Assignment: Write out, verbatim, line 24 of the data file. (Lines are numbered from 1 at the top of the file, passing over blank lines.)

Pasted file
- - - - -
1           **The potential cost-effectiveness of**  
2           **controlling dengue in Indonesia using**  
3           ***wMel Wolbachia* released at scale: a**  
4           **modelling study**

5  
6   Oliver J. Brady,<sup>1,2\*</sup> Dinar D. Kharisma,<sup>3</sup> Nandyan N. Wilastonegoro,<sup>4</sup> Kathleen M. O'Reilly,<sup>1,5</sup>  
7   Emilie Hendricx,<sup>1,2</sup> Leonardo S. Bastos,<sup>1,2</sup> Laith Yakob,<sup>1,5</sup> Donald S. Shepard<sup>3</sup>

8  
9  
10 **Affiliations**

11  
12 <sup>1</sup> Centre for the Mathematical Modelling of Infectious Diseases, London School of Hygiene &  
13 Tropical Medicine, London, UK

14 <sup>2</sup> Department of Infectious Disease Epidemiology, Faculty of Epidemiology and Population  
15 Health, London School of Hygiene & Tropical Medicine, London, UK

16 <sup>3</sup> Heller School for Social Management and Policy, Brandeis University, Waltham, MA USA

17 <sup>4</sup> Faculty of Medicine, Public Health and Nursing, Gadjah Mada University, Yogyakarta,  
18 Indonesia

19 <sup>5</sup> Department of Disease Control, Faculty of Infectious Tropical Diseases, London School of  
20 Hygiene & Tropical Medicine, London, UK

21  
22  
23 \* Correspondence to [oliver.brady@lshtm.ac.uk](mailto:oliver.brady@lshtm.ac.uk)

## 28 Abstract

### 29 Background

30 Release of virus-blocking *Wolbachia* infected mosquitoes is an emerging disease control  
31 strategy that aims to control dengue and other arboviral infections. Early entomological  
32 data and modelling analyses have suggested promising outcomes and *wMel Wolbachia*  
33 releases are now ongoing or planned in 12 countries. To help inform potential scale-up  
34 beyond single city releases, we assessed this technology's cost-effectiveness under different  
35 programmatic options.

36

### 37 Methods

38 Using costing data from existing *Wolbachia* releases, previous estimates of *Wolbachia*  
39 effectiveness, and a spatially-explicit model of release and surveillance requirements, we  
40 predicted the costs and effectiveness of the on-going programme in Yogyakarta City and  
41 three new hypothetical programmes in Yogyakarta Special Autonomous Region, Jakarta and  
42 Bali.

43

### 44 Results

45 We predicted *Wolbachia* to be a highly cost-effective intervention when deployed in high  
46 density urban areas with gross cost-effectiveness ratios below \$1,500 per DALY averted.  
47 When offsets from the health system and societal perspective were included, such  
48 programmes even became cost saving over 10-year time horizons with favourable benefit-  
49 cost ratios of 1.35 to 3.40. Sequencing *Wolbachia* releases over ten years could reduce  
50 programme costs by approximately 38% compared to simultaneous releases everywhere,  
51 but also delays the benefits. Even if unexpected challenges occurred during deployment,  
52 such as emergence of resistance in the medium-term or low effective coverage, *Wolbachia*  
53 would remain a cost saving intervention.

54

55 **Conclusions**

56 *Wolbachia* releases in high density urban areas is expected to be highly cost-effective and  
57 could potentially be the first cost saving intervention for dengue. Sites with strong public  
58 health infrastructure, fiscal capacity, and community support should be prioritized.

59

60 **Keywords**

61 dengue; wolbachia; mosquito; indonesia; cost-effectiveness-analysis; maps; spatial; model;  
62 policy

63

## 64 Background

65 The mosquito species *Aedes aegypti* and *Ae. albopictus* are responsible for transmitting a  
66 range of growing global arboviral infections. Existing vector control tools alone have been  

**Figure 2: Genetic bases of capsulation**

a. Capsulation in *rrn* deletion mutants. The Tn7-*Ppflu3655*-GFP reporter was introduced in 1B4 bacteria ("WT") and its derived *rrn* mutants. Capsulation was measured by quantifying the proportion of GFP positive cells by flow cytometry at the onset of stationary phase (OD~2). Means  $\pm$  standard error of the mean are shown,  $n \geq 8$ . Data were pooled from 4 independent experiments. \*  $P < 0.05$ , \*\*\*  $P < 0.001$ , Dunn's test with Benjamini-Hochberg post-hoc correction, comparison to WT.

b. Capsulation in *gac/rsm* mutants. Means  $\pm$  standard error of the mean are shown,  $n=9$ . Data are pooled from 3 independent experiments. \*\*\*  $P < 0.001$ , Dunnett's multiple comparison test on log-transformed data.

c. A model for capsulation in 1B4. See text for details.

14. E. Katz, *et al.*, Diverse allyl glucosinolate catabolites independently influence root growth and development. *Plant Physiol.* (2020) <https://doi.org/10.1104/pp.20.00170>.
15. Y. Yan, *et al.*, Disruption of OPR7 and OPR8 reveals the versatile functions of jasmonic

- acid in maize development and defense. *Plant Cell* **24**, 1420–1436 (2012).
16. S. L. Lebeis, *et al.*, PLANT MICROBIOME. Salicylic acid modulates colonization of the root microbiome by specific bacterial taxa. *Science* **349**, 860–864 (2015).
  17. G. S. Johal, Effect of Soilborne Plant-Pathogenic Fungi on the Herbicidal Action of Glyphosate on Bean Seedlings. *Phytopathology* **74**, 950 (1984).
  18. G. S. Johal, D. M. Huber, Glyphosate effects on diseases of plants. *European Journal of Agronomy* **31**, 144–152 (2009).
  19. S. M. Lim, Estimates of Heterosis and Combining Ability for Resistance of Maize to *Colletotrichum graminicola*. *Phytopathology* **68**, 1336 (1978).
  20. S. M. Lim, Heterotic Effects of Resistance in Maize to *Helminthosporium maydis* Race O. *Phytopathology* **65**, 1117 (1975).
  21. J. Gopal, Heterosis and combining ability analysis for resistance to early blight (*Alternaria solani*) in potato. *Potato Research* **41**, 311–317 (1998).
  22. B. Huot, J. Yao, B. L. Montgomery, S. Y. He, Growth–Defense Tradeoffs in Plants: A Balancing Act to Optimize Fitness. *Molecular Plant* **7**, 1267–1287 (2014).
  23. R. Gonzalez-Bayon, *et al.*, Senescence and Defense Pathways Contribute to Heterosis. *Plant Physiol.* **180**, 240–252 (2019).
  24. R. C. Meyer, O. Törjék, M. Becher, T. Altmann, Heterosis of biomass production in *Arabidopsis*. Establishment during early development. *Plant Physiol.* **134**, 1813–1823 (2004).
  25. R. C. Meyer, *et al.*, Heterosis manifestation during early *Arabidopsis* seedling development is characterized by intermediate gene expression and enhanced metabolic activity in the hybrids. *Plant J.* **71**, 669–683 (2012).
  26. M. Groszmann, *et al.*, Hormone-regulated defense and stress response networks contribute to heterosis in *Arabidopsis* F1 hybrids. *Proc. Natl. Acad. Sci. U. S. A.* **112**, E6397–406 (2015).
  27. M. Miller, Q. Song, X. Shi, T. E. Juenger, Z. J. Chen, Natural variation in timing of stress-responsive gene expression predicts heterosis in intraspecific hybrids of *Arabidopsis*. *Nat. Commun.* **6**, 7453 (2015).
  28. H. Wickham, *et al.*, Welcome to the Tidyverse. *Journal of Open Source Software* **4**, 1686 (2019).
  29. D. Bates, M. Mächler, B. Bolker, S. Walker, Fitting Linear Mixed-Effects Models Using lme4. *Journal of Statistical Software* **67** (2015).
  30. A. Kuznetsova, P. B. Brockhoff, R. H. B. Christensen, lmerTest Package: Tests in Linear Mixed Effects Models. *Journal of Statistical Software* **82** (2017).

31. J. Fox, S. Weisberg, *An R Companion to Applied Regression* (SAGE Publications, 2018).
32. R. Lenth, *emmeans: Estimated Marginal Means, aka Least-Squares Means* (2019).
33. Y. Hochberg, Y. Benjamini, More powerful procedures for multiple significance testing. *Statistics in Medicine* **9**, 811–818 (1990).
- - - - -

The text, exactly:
## 28 Abstract